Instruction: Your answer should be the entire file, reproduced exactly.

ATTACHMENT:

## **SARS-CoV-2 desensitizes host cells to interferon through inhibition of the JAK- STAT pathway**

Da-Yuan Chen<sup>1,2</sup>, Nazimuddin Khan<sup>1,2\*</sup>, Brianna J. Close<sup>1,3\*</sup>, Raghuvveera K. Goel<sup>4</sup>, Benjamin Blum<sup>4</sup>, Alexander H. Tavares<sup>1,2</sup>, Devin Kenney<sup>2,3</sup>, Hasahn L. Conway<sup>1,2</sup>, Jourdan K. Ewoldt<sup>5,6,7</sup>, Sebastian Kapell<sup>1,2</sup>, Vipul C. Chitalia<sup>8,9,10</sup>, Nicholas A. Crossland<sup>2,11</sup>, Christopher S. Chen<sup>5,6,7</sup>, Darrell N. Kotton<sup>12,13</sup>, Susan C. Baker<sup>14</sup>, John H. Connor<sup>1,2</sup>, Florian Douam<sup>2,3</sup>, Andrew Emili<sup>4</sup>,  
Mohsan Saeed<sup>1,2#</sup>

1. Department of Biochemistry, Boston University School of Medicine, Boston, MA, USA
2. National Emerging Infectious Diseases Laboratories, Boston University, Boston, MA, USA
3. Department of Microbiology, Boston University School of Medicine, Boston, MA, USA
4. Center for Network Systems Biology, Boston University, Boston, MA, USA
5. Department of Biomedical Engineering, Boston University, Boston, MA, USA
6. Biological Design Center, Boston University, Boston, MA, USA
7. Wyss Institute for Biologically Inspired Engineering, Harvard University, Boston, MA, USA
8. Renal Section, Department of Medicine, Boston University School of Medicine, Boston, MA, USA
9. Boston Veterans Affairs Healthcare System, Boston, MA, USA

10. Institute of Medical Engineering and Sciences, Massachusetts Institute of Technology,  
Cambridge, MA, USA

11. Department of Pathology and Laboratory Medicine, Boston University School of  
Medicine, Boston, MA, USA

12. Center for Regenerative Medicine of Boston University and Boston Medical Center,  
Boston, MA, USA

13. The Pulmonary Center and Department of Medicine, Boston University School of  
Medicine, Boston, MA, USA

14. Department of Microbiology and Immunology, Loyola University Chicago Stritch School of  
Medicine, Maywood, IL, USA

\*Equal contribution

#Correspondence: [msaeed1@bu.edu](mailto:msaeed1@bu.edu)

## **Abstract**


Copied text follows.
## **SARS-CoV-2 desensitizes host cells to interferon through inhibition of the JAK- STAT pathway**

Da-Yuan Chen<sup>1,2</sup>, Nazimuddin Khan<sup>1,2\*</sup>, Brianna J. Close<sup>1,3\*</sup>, Raghuvveera K. Goel<sup>4</sup>, Benjamin Blum<sup>4</sup>, Alexander H. Tavares<sup>1,2</sup>, Devin Kenney<sup>2,3</sup>, Hasahn L. Conway<sup>1,2</sup>, Jourdan K. Ewoldt<sup>5,6,7</sup>, Sebastian Kapell<sup>1,2</sup>, Vipul C. Chitalia<sup>8,9,10</sup>, Nicholas A. Crossland<sup>2,11</sup>, Christopher S. Chen<sup>5,6,7</sup>, Darrell N. Kotton<sup>12,13</sup>, Susan C. Baker<sup>14</sup>, John H. Connor<sup>1,2</sup>, Florian Douam<sup>2,3</sup>, Andrew Emili<sup>4</sup>,  
Mohsan Saeed<sup>1,2#</sup>

1. Department of Biochemistry, Boston University School of Medicine, Boston, MA, USA
2. National Emerging Infectious Diseases Laboratories, Boston University, Boston, MA, USA
3. Department of Microbiology, Boston University School of Medicine, Boston, MA, USA
4. Center for Network Systems Biology, Boston University, Boston, MA, USA
5. Department of Biomedical Engineering, Boston University, Boston, MA, USA
6. Biological Design Center, Boston University, Boston, MA, USA
7. Wyss Institute for Biologically Inspired Engineering, Harvard University, Boston, MA, USA
8. Renal Section, Department of Medicine, Boston University School of Medicine, Boston, MA, USA
9. Boston Veterans Affairs Healthcare System, Boston, MA, USA

10. Institute of Medical Engineering and Sciences, Massachusetts Institute of Technology,  
Cambridge, MA, USA

11. Department of Pathology and Laboratory Medicine, Boston University School of  
Medicine, Boston, MA, USA

12. Center for Regenerative Medicine of Boston University and Boston Medical Center,  
Boston, MA, USA

13. The Pulmonary Center and Department of Medicine, Boston University School of  
Medicine, Boston, MA, USA

14. Department of Microbiology and Immunology, Loyola University Chicago Stritch School of  
Medicine, Maywood, IL, USA

\*Equal contribution

#Correspondence: [msaeed1@bu.edu](mailto:msaeed1@bu.edu)

## **Abstract**